He concentrated on the pain still in his face when he noticed what sounded like an argument on the other side of the tent-thing he was lying behind.

“You told us we’d be safe here! We trusted you god damn it!” It was a man’s voice, rough and angry.

A gentle feminine voice answered, “She told you it was the safest place we had found. That’s all. Nobody knew they could burrow underground.”

More voices, “I want to go back to the city.”

The gentle feminine voice seemed to be directing the answers. “We left the city because there were too many places for them to hide and too many places for them to surprise. You all know that. Alice cannot always detect exactly where they are.”

“But there was food in the city!”

“And my Otis would probably still be alive if we hadn’t come out to this godforsaken hill. And poor little Marco!”

“Fort Hilltop! Get it right!” Zero recognized the young annoying girl’s voice.

The angry man was not amused. “Of all the fucking shit, you just shut the fuck up! And that name is fucking stupid!”

Zero had to agree with that one. Fort Stupid should be its name. It wasn’t even a fort. Why in the hell were they calling it that?

They argued for a bit about going to the city or staying on the hill. Zero grew bored. He looked at the small shack and imagined it had once been a whacking shed for young boys in the area. Coming and going every moment they could sneak away, or rather, entering the shed, coming, and then going. The shed probably had a collection of nudie mags, but all the pages were stuck together. Their desperation at seeing what was on the pages drove them to spend hours trying to pry the pages apart without damaging them.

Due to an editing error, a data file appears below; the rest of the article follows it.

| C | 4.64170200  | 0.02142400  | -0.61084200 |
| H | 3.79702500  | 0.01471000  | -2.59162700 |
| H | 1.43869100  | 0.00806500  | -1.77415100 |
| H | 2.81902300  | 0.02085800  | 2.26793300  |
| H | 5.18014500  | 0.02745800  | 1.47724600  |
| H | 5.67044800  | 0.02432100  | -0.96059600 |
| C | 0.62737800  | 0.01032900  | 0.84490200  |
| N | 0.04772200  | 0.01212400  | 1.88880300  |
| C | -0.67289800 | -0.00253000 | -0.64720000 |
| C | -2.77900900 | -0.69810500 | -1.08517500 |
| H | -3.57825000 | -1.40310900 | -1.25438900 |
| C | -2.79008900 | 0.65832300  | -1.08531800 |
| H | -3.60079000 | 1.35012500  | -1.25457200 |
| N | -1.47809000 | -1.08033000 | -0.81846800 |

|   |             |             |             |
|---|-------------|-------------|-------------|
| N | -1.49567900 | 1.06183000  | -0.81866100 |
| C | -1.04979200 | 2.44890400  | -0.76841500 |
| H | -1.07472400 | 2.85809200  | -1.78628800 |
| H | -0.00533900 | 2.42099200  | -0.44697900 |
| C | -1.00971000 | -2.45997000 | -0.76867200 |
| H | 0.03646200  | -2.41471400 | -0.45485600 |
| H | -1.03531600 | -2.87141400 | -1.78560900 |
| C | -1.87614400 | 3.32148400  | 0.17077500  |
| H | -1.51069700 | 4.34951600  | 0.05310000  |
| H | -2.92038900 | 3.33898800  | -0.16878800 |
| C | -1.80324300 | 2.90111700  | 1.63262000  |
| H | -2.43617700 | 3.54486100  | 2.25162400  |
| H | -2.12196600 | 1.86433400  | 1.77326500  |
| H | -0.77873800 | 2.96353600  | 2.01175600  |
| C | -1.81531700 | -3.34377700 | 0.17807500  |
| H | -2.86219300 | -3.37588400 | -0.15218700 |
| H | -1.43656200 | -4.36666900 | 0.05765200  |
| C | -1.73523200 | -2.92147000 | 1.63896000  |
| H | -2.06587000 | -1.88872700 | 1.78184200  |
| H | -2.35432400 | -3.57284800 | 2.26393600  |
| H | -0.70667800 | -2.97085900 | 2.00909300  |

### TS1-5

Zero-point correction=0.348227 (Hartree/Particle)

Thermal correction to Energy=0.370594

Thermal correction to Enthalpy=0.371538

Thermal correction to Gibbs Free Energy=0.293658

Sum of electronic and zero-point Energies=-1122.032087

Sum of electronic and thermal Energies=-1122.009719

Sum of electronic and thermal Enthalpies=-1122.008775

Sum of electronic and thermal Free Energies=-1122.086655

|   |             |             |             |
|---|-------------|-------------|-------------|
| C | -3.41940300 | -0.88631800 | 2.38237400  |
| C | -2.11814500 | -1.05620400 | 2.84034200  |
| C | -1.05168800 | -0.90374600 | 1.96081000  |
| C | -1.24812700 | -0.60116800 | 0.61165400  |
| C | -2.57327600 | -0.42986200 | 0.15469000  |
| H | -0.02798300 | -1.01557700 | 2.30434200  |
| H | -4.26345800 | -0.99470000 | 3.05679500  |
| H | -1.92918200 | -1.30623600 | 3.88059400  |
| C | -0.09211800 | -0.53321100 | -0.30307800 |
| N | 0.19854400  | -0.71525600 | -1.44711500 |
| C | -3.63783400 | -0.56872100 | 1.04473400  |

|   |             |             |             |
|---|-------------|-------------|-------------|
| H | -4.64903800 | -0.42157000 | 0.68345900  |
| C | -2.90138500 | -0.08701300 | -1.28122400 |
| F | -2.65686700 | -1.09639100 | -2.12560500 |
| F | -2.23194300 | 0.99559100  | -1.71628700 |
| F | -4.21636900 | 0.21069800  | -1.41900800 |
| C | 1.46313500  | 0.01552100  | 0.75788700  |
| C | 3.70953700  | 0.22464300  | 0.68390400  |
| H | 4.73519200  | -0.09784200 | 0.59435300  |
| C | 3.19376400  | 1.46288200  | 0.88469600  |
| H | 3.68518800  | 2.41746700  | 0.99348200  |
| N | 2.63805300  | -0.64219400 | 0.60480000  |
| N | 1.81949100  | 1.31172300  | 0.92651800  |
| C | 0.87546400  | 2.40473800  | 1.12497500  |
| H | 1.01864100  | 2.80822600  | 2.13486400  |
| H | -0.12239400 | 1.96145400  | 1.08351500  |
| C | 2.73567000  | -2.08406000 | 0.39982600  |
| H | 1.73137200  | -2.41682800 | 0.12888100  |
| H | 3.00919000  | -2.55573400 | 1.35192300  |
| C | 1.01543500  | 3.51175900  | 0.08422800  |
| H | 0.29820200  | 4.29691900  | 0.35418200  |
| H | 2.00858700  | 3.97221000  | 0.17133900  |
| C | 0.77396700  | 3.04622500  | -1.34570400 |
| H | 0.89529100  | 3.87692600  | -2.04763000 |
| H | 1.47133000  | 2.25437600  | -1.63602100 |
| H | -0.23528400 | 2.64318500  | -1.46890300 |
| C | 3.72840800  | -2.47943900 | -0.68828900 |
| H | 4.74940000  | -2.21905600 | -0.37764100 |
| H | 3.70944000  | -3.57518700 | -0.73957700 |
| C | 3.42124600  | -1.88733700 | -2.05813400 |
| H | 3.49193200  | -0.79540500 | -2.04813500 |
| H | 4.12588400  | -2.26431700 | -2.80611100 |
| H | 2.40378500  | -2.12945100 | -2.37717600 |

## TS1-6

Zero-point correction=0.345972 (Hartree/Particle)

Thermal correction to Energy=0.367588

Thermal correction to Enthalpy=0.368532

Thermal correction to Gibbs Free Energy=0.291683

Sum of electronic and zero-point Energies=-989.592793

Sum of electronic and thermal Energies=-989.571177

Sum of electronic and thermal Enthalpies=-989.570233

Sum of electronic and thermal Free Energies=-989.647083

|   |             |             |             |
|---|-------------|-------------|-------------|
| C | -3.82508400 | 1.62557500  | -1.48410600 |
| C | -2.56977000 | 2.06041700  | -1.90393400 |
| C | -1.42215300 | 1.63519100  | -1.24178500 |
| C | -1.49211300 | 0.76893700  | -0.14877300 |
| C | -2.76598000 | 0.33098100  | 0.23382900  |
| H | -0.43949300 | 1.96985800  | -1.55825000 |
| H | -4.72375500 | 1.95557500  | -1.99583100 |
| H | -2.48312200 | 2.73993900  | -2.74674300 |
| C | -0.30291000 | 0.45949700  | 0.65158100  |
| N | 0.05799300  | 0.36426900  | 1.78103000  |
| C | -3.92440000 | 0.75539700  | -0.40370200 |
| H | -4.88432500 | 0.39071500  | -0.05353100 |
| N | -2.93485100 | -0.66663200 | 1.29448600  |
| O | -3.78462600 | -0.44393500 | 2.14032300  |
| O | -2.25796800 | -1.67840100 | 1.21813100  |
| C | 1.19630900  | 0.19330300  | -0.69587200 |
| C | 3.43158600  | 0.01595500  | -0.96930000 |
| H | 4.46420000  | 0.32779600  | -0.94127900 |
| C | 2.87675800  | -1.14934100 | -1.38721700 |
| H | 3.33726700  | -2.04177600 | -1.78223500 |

The mention of himself brought him back to reality.

“And where is that son-of-a-bitch that burned everything? He needs to pay.”

There was some agreement among everyone. Zero didn’t care. He wasn’t paying shit.

There was a small moment of silence as if a hush had befallen the arguers, and Zero heard a frail voice, barely above a whisper.

“We are alive because of him. I summoned him here, and he will not be the last.”

Fort Hilltop

“Twenty-one adults and five children, all present and accounted for, ma’am!” Jasper was always so formal.

“Good, now go get some rest, and please do not call me ma’am.” Alice knew that last part would be ignored, as always, but she said it anyway.  She couldn’t help but like Jasper. He was eager to learn, willing to work, and hadn’t yet adopted the doom-and-gloom attitude of most of the rest of the group.

Erin was another exception; constantly running about asking questions. She seemed in high spirits regardless of the situation. She often claimed to be afraid, but never showed any signs of it. Indeed, Alice had never seen Erin in an anything-less-than-cheerful mood. Something wasn’t right about it, and Alice cycled through all her memories of Erin trying to put her finger on it, to no avail.

“It’s been a month since we came here, and two weeks since they attacked, and you still refuse to rest.” Sarah had climbed the makeshift lookout tower. “You need sleep.”

“Be that as it may, I can still feel them. They are everywhere and yet, apparently nowhere.”

“Well, you certainly picked a good spot to set up this thing, whatever it is. Erin has named it Fort Hilltop. She’s so creative, that one.”

Alice smirked. “Yes, and I heard Jasper refer to it that way, as well. Though this is definitely not a fort; we have no defenses.”

“We have you.”